Whitten and Lt. Andy Williams interviewed Little for about an hour on Oct. 8 in the Wise County Jail.

“It was like talking to an old man who you knew,” Whitten said. “I asked what I should call him, and he said, ‘Call me, Sam.’ ... He was very intelligent, street smart and gave off a calming presence. “

Williams, who was taking notes during the interview, said, “He is not the kind of guy when you talked to him who would make you fear him. And that is probably how he got a lot of his victims hemmed up. Before they realized it, it was too late.”

Little, who was a drifter, told the investigators that he made three stops in the Columbus-Phenix City area, Whitten said.

He was a shoplifter who sold his stolen items along the roadside and in public housing complexes, Whitten said.

This case illustrates why police try to keep as many details as possible from a crime scene out of the public, Smith said.

“In a cold case like this, there is information that only the offender would know,” Smith said. “This is exactly why we hold back information.”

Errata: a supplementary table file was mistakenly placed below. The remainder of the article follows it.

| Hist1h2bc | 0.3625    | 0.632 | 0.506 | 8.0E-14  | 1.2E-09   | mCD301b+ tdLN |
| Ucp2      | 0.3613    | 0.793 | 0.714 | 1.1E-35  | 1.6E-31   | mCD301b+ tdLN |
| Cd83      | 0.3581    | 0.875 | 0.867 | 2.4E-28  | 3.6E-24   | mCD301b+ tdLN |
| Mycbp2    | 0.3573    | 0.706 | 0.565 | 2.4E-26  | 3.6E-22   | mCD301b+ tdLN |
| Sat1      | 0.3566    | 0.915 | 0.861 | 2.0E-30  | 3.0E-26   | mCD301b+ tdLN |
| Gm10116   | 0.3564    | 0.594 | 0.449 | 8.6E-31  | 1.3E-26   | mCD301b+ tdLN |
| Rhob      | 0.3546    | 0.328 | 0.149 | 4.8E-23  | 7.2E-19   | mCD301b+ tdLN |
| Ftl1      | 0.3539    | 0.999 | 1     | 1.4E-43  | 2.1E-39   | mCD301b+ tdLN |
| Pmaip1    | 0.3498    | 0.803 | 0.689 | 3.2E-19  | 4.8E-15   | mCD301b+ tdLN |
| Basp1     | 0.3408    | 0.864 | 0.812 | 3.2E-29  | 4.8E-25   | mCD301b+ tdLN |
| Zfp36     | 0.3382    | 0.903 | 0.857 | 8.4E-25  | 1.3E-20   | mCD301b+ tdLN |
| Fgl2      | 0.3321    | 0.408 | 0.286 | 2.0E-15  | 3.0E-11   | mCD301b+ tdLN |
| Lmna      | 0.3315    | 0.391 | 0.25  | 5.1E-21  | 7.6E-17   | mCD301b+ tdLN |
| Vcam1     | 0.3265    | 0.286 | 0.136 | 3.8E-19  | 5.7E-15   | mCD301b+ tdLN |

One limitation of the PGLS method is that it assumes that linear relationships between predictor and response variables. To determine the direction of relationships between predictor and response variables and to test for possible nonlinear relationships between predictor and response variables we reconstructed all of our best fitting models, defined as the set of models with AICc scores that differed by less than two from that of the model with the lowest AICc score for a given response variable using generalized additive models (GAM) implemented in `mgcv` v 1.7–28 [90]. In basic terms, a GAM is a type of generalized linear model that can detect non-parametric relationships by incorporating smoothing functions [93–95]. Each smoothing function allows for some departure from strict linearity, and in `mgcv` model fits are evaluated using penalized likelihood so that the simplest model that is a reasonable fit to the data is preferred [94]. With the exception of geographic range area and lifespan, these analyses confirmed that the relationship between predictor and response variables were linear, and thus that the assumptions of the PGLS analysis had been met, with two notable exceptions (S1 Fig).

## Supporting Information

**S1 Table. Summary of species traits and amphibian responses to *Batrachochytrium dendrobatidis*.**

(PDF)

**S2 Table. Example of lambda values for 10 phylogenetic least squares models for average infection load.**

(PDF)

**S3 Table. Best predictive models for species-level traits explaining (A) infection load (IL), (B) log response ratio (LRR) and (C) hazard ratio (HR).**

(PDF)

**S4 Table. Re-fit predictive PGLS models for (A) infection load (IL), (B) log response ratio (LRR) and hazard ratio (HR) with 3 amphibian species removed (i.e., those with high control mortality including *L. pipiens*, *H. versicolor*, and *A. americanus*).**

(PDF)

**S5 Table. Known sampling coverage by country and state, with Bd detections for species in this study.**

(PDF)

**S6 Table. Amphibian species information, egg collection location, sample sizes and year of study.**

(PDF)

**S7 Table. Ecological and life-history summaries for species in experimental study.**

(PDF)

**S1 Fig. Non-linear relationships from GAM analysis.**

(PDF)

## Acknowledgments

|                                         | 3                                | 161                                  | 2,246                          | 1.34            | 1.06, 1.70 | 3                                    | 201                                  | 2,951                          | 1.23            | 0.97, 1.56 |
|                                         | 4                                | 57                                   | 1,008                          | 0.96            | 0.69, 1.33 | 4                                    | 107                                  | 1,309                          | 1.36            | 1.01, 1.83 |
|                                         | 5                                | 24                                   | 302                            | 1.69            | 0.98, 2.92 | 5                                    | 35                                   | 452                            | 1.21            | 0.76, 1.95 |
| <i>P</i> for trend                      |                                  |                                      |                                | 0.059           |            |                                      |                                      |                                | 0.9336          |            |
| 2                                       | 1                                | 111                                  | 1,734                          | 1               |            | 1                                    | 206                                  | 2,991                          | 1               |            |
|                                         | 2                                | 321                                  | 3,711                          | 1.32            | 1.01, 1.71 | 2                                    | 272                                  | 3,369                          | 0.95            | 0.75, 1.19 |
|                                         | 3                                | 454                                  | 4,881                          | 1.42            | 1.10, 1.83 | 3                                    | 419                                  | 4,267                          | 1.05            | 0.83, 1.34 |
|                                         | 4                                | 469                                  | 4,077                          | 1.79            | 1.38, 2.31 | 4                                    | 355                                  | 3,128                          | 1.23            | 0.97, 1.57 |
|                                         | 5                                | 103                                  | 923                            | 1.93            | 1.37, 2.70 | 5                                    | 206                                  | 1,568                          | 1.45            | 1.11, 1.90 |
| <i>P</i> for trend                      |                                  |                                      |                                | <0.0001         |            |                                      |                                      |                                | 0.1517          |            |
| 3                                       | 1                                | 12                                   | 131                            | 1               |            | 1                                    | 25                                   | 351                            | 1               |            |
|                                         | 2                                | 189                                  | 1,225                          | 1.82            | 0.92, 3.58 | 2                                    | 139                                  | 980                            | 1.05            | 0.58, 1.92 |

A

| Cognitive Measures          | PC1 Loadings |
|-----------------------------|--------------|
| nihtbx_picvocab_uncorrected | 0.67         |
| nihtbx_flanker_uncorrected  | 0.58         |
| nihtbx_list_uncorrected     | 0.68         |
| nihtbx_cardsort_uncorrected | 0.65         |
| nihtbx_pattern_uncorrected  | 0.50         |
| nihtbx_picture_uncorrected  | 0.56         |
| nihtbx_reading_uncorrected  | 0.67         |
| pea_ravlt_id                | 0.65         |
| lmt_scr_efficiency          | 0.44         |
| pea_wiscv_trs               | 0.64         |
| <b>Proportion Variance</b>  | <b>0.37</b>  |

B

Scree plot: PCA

Little’s secret life as a serial killer began to unravel in the fall of 2012 when Los Angeles cold case detectives discovered in a DNA database a match for Little in connection with three sexually motivated strangulations, according to an April 2013 Associated Press news article.

At the time he was arrested, Little was in his early 70s living in a Christian shelter in Louisville, Ky. He had been arrested a few months earlier by sheriff’s deputies in Lake Charles, La., and charged with possession of a crack pipe, according to AP. As police intensified the search for him, they discovered a hit on an ATM purchase at a convenience store in Louisville and found him later that day.